Late Neanderthal occupation in North-West Europe: rediscovery, investigation and dating of a last glacial sediment sequence at the site of La Cotte de Saint Brelade, Jersey



In 2011, a programme of field research was undertaken to effect the stabilization of an unstable section in the West Ravine at the key Neanderthal occupation site of La Cotte de St Brelade on the Channel Island of Jersey. As part of this essential remedial work the threatened section was analysed to characterize its archaeological and palaeoenvironmental potential as well provide optically stimulated luminescence (OSL) dates. The work determined, through two concordant OSL dating programmes, that the section formed part of an extensive sequence of sedimentation spanning >105 to <48 ka. Furthermore, reanalysis of the archive determined that the sediment sequence examined contained the stratigraphic equivalent of deposits lying below those that have previously produced Neanderthal fossils. Through our work, we can now constrain these younger sediments to being younger than 48 ka. The combined results suggest that this sequence now represents the recovery of an extensive dataset, thought lost to science through complete excavation, which holds the potential to throw light on the disappearance of Neanderthal populations from the Atlantic-edge outpost on the north-west frontier of their world.


Marine Isotope Stage


optically stimulated luminescence


La Cotte de Saint Brelade (Figs. 1A, B and 2A) is a key site in north-west Europe for understanding the long-term behavioural development and extinction of Neanderthals. It is one of the world's most important Middle Palaeolithic sites, spanning approximately 200 000 years and it is the only site in the British Isles to have produced anatomical remains of late Neanderthals (Keith and Knowles, 1911; Stringer and Currant, 1986). Although excavation has occurred sporadically for at least 100 years, understanding of this site is patchy and imperfect. Indeed, little is known of the context or dating of these late Neanderthal remains. However, recent work in 2010/11 in the Western Ravine (Figs. 1C and 2) ascertained that a significant body of sediment is still preserved at the site that could potentially shed light on these issues. Unfortunately, this part of the site is poorly understood and at risk of erosion so in 2012 work was undertake n to sample and stabilise the at-risk sediments. This work represents the first formal investigation of the site since the early 1980s and the first conservation measure since work in the North Ravine at the end of McBurney's 1960s–1970s excavations (Callow and Cornford, 1986). It also represents the first modern attempt to provide a chronological framework for parts of the site most closely associated with the Neanderthal remains.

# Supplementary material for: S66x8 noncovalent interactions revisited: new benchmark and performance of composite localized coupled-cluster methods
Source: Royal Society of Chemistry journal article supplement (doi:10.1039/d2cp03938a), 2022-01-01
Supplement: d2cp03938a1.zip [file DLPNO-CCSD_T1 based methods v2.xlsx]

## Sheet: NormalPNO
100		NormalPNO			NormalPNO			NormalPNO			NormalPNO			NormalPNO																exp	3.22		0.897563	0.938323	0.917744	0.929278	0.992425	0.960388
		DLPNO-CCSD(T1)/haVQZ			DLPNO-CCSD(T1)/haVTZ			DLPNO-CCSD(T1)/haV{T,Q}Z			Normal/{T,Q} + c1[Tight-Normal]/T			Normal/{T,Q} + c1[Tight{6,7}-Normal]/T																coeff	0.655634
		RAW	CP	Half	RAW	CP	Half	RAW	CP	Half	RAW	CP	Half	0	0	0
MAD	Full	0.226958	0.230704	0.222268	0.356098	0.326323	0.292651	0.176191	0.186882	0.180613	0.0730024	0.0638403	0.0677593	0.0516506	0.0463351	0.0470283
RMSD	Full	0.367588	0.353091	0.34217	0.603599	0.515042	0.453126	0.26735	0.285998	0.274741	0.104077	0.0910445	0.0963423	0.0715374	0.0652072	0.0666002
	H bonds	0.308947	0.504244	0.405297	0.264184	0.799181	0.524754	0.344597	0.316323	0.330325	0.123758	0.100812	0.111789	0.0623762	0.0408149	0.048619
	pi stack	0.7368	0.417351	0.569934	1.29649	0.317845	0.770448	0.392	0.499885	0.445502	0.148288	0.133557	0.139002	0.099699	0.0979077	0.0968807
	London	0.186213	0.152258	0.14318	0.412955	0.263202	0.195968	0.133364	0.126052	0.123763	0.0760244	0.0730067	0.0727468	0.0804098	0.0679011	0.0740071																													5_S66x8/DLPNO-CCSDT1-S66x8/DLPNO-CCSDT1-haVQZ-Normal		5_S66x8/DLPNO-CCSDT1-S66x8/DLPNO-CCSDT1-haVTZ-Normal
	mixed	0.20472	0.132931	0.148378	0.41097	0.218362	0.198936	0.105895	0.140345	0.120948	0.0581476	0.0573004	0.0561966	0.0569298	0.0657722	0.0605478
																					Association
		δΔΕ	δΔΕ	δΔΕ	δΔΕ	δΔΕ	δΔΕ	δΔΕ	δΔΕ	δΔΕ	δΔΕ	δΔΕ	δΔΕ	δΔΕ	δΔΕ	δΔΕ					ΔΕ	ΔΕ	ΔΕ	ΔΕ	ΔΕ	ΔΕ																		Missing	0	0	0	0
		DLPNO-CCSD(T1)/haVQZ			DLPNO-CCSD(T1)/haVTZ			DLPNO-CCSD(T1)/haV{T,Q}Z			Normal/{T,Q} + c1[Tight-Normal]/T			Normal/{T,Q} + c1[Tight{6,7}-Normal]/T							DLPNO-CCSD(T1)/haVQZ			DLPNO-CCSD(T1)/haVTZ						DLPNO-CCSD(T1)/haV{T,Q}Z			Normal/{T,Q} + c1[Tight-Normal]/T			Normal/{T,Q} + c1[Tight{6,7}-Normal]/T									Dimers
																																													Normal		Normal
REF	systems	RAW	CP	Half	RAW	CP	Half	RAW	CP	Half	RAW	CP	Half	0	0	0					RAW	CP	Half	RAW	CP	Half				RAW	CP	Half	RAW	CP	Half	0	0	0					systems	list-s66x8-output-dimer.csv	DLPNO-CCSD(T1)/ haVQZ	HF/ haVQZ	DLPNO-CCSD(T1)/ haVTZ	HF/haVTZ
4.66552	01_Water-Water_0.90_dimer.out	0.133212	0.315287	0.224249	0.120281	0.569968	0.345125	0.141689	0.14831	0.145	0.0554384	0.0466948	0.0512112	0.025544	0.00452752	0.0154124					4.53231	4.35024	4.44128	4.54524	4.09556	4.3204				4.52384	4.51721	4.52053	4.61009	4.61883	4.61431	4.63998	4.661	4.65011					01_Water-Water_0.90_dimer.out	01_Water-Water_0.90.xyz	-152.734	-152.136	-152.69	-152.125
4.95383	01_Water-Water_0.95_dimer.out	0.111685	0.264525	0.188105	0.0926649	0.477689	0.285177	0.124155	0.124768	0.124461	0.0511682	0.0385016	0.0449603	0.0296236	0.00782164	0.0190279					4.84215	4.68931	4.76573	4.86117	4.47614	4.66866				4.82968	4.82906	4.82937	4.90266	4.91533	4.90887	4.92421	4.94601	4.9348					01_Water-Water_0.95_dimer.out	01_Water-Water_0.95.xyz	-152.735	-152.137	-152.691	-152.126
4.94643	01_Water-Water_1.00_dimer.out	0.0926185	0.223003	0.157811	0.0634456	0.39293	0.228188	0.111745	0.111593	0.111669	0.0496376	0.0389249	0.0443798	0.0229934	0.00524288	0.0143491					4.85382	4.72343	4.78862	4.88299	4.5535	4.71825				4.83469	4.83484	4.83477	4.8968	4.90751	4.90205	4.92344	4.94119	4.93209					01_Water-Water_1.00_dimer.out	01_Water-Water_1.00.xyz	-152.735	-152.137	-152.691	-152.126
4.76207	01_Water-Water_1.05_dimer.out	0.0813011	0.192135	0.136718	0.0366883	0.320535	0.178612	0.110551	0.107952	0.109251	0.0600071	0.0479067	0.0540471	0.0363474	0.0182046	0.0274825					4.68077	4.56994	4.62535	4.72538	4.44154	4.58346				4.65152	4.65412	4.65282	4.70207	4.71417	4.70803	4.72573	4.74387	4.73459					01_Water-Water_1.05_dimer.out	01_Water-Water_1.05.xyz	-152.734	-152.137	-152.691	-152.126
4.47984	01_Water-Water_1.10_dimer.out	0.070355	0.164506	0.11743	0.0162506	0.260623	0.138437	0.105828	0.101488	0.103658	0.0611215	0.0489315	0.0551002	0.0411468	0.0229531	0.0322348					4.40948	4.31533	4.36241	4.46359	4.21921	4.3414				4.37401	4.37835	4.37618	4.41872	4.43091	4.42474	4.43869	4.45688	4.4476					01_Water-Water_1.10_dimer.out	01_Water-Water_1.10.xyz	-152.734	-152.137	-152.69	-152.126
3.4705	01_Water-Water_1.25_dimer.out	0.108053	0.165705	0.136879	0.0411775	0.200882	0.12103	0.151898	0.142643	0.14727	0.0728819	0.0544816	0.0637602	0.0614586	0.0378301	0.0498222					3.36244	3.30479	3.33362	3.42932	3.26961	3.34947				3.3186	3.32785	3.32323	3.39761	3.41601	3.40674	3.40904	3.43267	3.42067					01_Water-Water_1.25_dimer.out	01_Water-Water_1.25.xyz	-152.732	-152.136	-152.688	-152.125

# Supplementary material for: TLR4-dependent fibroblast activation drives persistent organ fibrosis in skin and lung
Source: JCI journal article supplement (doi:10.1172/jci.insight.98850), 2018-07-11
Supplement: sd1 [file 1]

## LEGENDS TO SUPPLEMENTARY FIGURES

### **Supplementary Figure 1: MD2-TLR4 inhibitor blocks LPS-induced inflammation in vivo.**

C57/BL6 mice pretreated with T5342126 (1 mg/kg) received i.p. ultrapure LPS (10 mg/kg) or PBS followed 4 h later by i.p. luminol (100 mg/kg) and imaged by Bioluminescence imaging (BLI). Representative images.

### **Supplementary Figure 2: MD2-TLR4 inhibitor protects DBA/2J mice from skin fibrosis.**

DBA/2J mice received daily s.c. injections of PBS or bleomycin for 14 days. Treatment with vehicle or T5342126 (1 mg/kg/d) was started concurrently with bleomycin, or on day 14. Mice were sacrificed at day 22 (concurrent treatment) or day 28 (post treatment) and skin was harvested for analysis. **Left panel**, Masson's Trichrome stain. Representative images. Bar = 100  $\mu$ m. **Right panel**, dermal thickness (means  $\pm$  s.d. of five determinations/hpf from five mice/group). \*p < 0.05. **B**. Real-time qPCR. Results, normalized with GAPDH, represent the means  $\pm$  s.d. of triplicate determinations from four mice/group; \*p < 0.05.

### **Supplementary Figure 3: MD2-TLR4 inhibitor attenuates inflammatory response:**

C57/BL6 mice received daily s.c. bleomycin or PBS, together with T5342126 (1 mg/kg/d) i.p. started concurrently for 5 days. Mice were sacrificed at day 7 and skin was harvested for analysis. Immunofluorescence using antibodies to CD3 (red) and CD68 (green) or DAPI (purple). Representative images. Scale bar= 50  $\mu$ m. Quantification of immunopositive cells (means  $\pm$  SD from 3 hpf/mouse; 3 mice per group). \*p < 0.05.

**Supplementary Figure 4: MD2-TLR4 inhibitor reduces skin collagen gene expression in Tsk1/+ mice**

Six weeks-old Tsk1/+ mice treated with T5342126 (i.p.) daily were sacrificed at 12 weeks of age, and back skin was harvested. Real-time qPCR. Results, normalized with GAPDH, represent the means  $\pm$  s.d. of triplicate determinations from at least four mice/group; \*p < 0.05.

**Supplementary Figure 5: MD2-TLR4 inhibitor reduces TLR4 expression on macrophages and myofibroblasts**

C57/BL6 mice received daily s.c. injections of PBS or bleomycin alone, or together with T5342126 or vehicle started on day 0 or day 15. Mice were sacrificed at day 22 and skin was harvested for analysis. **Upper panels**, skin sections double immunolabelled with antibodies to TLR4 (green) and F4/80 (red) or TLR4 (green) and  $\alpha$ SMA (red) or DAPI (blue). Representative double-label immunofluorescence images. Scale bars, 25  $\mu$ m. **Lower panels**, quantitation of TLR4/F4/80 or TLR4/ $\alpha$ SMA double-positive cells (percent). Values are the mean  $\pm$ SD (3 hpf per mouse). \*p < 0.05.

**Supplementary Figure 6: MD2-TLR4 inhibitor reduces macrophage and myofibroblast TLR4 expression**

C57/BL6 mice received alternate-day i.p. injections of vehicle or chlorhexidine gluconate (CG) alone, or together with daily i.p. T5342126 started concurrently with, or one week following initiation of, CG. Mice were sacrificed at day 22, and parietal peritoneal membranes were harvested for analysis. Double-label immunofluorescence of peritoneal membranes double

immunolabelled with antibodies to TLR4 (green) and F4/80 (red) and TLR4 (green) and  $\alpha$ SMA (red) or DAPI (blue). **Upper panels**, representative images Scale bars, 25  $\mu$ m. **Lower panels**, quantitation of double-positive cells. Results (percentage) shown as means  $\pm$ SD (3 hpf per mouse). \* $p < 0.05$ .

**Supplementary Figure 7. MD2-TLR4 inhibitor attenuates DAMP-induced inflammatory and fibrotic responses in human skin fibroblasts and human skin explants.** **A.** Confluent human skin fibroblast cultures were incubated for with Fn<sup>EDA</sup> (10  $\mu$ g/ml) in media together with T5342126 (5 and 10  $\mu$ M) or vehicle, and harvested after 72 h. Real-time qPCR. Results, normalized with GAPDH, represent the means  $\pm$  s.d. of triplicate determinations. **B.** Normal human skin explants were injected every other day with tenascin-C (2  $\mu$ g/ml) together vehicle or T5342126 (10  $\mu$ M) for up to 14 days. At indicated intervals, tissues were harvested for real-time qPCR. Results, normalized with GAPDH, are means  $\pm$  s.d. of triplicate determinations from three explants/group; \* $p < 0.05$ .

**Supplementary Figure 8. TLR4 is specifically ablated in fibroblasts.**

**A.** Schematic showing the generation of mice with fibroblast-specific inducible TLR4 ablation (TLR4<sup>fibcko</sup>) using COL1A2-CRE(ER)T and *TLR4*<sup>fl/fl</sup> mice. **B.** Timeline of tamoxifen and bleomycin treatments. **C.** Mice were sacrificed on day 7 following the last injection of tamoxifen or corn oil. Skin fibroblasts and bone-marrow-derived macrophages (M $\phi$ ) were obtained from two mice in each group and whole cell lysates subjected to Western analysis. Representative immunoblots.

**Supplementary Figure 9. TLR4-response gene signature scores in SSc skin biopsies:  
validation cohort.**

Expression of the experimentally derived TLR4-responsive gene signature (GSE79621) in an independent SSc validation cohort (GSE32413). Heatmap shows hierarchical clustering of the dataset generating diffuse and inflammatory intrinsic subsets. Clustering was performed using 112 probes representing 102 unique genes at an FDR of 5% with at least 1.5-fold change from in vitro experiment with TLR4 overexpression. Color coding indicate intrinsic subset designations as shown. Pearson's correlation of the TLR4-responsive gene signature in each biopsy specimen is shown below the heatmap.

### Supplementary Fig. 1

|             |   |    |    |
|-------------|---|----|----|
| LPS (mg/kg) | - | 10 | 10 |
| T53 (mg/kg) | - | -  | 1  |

Figure 1.

(A) Jersey and the English Channel/La Manche. (B) La Cotte and Jersey outline map. (C) Site plan of La Cotte (based on Callow and Cornford, 1986). Key: 1, North Pinnacle; 2, South Pinnacle; 3, East Wall; 4, North Ravine; 5, South Ravine; 6, central site. This figure is available in colour online at